Audio Interviews: Oral History through an AFS Story Booth in Baltimore
The American Fisheries Society is celebrating an anniversary – the Society is now more than 150 years old. This landmark motivated members to look back in the Society’s history to explore our origins and our journey. History is recorded in the Society’s meeting minutes, journals, and books. However, there are other historical resources, such oral histories. There is, for example, a recording of Emmeline Moore speaking about her professional experiences. Oral history is defined as “the collection and study of historical information using sound recordings of interviews with people having personal knowledge of past events.” If there is no collection of sound recording, there is little to study. The Society would like to experiment with collection of oral histories at the 2021 AFS Meeting in Baltimore.
We encourage all members to participate in this initiative. We have distilled lists of questions to be answered by students, young professionals, and mature professionals. The opportunity to participate in a 15-minute interview will be offered as you register for the Baltimore meeting. If you wish to participate, you will be asked to identify yourself as a student, young professional, or mature professional. You will be asked to choose one interview question from among six questions created for each demographic. The 150th Celebration Committee will pair a student or young professional with a mature professional and notify each participant of the pairing, questions to be answered, and interview time. An interview room will be set up during the meeting where interviews will be recorded (just sound, no video).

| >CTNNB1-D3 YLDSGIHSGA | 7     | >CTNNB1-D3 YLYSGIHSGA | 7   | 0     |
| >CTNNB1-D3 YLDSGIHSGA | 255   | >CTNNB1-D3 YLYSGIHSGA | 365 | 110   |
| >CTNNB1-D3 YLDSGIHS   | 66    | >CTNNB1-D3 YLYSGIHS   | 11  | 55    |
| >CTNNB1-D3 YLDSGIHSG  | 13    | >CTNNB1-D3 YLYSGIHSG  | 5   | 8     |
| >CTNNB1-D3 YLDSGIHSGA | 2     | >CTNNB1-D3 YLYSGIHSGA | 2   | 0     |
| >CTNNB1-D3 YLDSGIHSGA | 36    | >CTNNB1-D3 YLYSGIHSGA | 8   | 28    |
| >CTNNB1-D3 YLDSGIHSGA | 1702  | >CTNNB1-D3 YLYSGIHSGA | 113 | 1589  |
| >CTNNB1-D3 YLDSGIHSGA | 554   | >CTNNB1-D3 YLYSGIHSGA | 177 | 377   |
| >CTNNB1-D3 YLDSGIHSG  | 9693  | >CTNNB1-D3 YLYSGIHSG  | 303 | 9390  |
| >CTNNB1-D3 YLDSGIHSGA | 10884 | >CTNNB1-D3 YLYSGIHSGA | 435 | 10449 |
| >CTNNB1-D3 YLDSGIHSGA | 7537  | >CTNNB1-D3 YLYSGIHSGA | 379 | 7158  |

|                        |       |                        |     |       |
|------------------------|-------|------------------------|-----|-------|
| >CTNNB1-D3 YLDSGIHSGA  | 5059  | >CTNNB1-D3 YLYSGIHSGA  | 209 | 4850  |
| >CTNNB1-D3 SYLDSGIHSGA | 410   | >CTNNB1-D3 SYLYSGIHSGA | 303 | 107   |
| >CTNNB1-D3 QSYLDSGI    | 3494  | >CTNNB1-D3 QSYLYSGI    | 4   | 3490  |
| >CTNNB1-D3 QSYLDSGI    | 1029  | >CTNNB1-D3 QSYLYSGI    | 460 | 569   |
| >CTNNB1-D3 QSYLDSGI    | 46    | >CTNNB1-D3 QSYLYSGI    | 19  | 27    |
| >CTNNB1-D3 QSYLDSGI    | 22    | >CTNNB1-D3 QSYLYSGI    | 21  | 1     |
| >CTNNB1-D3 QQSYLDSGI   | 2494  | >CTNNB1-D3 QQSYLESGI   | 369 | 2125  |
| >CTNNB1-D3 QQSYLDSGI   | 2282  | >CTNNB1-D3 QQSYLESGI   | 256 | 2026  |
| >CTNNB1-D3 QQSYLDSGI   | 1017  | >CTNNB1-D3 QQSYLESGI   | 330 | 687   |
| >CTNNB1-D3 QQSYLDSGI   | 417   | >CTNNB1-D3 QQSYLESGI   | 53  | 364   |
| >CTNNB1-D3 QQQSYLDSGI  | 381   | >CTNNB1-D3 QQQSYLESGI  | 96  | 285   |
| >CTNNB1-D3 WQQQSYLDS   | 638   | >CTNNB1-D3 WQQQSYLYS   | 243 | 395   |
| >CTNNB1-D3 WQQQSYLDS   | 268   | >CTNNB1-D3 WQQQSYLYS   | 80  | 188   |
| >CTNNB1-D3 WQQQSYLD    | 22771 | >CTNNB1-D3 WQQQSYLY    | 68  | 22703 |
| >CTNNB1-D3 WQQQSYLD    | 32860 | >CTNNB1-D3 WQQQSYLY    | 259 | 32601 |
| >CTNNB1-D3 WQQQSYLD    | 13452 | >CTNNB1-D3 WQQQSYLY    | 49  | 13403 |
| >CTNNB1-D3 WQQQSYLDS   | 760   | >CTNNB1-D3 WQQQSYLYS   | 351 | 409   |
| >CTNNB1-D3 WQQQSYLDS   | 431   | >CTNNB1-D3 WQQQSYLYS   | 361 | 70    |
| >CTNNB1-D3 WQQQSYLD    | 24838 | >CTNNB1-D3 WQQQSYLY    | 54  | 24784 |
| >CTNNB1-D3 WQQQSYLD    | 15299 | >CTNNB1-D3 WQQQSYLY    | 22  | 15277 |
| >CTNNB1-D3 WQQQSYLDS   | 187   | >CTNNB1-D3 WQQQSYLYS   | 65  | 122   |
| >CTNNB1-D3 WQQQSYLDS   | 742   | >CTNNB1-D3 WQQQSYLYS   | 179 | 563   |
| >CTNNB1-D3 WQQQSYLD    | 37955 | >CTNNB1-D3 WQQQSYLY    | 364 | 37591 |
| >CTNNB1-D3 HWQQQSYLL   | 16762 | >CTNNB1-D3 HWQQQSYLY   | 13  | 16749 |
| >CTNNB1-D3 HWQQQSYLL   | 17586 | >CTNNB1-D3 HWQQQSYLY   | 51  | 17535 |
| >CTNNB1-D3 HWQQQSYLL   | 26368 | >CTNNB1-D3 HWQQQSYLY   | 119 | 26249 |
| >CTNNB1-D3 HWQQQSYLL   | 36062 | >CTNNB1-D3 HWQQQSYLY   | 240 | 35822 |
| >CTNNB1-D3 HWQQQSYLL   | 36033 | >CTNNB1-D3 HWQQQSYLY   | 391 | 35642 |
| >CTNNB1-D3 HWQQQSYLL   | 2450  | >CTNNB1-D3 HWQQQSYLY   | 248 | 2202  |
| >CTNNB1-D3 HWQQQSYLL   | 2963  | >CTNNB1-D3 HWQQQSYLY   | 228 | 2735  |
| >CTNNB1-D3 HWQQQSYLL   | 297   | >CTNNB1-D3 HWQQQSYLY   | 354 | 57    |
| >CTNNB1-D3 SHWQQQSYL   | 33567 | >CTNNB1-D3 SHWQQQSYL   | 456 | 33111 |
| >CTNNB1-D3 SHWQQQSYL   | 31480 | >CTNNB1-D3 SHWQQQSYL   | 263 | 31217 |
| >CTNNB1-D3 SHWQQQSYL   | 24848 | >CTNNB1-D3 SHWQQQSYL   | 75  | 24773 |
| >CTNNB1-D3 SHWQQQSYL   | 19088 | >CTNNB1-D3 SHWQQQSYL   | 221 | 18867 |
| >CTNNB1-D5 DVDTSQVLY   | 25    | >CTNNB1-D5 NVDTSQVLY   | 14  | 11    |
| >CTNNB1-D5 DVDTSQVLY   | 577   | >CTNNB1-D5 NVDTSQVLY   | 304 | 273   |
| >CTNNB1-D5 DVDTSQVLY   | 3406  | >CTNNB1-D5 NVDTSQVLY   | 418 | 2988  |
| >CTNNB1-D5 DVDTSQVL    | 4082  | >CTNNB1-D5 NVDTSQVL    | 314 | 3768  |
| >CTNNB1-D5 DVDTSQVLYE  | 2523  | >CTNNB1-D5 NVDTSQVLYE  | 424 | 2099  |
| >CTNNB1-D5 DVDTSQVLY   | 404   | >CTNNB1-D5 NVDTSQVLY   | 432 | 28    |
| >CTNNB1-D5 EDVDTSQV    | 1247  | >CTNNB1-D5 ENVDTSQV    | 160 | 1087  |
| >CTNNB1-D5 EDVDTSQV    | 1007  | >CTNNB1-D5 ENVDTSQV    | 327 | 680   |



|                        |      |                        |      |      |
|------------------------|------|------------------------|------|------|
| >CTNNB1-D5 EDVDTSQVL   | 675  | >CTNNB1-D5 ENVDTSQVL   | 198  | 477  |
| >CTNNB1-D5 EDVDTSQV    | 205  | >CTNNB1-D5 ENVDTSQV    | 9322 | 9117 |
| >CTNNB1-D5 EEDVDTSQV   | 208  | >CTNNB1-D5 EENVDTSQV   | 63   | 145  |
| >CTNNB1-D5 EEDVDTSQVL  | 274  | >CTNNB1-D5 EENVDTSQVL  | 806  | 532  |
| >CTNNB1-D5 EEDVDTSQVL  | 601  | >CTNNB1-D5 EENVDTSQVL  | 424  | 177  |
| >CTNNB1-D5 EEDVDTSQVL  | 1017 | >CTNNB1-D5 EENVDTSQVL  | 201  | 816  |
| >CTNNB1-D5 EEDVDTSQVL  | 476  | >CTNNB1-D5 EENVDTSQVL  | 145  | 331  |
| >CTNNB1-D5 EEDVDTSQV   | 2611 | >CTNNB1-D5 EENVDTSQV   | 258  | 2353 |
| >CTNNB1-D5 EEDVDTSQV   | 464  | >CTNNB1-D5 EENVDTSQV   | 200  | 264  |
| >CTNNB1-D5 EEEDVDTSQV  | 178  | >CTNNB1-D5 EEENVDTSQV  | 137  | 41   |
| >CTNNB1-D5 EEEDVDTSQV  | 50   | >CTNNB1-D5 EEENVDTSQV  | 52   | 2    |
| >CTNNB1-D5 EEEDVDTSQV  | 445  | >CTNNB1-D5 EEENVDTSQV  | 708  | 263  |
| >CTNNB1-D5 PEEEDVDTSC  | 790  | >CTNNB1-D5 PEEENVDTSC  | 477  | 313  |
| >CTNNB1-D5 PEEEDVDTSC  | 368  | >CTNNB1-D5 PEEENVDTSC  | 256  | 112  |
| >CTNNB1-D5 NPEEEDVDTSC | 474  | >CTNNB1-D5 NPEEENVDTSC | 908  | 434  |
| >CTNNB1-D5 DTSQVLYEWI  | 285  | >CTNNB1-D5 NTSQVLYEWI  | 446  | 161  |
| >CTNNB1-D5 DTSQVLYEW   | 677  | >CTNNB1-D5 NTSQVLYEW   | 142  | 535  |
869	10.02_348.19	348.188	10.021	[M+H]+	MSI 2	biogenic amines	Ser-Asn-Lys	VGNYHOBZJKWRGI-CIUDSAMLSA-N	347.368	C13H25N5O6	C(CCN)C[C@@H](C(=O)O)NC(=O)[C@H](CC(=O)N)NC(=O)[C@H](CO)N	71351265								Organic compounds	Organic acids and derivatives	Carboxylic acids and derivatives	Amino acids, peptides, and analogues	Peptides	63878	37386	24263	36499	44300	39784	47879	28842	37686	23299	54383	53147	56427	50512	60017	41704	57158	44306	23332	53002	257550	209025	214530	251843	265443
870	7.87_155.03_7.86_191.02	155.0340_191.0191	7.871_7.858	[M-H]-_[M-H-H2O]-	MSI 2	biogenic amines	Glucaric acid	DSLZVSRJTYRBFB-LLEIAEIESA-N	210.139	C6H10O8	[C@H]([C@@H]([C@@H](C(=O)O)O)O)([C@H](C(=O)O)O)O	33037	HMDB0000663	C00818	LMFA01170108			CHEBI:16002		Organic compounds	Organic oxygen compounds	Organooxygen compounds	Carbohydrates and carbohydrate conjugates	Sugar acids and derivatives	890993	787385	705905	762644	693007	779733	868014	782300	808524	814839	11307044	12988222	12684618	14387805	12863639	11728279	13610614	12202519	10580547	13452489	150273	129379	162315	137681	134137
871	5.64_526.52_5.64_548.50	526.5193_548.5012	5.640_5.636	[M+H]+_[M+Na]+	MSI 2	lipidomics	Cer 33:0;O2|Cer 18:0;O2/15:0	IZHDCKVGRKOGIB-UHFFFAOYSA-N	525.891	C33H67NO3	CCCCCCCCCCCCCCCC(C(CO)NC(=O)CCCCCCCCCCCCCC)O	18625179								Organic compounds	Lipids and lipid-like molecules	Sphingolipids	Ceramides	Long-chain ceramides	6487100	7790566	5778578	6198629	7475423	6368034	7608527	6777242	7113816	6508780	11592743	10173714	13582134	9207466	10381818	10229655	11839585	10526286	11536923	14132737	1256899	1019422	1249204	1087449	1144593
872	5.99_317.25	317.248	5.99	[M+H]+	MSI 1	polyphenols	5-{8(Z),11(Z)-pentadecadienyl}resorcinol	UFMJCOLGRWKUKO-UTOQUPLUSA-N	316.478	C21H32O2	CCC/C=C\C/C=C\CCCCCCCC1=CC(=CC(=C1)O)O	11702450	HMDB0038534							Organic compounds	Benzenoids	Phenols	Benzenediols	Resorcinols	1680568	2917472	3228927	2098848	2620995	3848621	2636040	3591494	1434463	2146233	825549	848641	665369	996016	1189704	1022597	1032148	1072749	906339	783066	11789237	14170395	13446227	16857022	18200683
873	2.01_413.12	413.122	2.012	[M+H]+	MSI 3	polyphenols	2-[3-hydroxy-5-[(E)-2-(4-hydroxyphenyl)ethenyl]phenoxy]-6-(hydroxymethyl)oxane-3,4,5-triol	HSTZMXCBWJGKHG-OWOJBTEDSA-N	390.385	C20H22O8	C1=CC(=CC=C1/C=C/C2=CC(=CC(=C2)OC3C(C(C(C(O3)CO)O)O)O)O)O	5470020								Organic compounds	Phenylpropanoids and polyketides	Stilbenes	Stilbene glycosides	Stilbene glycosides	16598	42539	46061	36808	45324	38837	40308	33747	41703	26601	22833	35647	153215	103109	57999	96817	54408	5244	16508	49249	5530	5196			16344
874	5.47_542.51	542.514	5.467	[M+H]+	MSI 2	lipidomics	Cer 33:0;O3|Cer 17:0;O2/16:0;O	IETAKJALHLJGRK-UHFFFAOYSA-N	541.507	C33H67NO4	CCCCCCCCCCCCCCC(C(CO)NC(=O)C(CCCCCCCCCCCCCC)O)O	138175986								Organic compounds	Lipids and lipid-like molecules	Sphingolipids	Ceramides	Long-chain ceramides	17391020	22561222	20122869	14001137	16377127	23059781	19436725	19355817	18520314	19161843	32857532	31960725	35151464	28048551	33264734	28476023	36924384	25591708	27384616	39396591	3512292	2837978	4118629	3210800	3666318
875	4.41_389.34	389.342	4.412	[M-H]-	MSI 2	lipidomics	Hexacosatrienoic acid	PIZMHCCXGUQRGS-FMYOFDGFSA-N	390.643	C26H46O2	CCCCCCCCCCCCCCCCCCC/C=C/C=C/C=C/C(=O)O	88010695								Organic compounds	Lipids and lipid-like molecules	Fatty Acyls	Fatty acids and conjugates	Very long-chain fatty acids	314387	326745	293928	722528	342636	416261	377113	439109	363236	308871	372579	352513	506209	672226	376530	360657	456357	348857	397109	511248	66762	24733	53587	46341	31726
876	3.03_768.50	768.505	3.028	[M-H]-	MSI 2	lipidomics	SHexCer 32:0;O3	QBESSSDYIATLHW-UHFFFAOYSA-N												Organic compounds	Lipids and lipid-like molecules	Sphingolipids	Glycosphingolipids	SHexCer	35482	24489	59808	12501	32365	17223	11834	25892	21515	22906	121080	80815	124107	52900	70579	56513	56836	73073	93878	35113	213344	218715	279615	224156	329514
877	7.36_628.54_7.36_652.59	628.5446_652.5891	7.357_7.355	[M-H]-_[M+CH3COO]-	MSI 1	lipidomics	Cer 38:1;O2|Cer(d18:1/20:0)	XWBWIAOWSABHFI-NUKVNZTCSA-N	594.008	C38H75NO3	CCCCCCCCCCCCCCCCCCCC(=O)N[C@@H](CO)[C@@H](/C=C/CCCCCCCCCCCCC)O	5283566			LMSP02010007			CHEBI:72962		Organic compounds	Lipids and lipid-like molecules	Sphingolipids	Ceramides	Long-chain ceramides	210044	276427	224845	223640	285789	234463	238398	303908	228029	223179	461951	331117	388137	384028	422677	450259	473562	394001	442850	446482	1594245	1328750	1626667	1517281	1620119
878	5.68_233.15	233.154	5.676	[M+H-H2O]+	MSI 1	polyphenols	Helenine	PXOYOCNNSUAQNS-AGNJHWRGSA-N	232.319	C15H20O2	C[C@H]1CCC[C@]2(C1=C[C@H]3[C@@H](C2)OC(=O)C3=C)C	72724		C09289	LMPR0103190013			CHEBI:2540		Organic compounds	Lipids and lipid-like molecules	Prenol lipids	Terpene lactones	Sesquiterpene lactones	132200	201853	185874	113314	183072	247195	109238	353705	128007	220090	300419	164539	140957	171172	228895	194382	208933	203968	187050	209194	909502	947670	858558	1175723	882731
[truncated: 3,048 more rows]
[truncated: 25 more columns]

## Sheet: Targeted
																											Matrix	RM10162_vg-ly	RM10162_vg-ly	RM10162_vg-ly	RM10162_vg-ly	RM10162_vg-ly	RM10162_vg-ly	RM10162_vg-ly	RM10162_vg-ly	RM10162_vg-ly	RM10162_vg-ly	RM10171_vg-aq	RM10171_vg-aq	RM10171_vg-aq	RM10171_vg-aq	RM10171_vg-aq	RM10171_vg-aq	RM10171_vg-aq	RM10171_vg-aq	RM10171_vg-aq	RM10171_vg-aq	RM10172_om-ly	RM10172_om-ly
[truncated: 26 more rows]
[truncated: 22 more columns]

We plan to make the recordings available to the membership. The project would be searchable by interviewee, demographic, and question answered. A report detailing the frequency of participation by demographic and by question answered as well as common themes and other summary information will be presented in the Society’s newsletter. We cannot predict when we will lose the opportunity to ask mature professionals about their experiences. Anyone who has lost a parent or grandparent has probably thought, “I wish I could have asked before it was too late.” This is your opportunity to both ask and answer questions that become part of an oral history of our Society. Please consider participating in this undertaking and indicate your interest during the registration process.